Figure 1

Figure 1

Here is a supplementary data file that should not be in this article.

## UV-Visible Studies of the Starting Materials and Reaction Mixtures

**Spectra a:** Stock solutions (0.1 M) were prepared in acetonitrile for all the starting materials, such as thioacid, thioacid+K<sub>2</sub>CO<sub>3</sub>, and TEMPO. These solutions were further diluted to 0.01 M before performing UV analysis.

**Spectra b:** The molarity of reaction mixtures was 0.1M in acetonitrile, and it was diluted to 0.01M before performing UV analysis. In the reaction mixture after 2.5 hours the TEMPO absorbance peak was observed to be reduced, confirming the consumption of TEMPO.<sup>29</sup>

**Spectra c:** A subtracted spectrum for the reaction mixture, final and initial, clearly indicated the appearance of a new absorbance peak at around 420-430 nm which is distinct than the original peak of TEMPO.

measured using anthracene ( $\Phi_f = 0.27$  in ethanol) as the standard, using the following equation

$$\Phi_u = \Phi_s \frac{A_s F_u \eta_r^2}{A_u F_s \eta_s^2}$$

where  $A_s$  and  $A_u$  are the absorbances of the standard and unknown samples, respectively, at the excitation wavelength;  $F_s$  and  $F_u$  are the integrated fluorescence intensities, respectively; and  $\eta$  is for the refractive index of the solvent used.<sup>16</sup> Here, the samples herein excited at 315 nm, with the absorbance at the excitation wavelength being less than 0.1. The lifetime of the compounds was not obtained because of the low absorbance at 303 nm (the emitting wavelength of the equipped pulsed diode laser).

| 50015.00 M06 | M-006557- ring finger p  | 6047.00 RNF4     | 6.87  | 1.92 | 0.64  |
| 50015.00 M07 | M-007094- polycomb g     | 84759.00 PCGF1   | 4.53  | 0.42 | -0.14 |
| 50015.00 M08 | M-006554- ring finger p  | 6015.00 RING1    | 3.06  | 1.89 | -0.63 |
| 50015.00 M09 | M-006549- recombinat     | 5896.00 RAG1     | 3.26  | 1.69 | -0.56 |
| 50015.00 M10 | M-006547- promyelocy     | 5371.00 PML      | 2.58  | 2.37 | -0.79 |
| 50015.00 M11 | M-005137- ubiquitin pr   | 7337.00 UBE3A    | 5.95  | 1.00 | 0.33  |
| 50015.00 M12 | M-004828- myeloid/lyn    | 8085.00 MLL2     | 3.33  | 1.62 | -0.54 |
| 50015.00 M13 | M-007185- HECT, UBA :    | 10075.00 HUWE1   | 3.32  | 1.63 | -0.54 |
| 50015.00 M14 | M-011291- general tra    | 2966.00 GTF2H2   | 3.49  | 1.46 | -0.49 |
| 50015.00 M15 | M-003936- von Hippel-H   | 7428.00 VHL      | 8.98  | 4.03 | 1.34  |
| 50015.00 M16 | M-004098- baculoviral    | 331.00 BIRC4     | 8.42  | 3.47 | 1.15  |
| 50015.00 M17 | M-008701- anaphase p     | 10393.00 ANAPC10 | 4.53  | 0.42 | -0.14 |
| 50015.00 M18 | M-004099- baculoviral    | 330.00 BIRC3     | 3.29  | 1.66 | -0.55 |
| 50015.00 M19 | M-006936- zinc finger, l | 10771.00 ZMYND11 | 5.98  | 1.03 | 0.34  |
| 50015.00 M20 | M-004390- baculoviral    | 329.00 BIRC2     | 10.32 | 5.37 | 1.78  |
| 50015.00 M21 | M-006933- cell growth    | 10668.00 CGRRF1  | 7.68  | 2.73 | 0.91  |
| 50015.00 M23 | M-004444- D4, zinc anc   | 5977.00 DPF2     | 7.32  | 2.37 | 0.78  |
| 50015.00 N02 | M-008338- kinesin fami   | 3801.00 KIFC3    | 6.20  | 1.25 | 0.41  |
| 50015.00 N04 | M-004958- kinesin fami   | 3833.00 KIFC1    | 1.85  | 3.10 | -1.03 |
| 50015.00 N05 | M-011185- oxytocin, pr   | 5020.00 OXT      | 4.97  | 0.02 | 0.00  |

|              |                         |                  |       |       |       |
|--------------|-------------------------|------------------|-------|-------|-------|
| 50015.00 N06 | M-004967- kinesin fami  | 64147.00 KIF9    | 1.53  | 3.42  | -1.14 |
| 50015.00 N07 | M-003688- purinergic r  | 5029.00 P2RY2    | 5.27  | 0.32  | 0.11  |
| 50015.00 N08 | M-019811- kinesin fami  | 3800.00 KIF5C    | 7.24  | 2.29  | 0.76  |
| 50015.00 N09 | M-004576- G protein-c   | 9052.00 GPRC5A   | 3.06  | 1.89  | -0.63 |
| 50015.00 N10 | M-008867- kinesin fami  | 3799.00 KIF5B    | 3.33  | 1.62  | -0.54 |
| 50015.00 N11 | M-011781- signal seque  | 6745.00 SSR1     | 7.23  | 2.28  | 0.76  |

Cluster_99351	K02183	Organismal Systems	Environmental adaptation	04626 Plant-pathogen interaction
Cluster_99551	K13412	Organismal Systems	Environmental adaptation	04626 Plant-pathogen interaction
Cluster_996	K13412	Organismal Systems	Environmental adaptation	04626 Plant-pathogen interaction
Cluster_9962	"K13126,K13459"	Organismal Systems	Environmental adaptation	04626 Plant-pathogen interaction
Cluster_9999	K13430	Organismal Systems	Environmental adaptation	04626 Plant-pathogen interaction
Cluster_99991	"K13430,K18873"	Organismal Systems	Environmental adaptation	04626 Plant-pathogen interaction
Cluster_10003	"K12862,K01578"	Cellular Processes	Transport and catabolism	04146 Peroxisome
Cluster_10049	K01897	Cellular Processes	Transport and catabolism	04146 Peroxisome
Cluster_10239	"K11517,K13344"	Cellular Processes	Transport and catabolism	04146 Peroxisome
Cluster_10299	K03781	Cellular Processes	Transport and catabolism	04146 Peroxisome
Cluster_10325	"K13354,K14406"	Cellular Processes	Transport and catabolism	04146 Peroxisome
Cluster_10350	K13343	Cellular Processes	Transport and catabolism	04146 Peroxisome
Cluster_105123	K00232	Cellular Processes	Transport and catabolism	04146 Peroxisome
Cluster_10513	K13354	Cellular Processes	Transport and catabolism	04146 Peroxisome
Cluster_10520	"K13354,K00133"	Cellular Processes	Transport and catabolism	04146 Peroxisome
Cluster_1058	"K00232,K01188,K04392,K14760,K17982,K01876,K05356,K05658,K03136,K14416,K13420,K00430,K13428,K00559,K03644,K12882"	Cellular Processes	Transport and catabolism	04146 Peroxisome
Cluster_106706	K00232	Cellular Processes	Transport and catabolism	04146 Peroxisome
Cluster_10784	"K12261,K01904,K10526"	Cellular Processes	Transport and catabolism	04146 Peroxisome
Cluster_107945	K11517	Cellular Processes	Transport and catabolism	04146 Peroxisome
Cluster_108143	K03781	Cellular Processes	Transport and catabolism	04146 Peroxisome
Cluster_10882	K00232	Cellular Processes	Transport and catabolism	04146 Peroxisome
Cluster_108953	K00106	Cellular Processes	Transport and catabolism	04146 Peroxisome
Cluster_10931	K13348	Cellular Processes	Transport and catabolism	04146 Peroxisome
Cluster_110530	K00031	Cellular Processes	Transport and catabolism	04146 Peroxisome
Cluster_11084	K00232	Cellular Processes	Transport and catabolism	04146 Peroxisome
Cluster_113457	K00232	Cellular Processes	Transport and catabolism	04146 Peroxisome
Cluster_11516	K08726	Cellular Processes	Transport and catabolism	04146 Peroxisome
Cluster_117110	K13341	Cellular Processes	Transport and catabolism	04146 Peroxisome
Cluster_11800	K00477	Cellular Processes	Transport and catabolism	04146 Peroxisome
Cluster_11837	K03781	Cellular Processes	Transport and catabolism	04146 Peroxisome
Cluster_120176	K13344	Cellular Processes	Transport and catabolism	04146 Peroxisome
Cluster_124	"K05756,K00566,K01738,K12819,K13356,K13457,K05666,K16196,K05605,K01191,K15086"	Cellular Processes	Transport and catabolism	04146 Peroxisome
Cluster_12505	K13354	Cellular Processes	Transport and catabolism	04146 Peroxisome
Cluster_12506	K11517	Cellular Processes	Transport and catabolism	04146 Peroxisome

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2.2. Opioid-induced neuroinflammatory-like state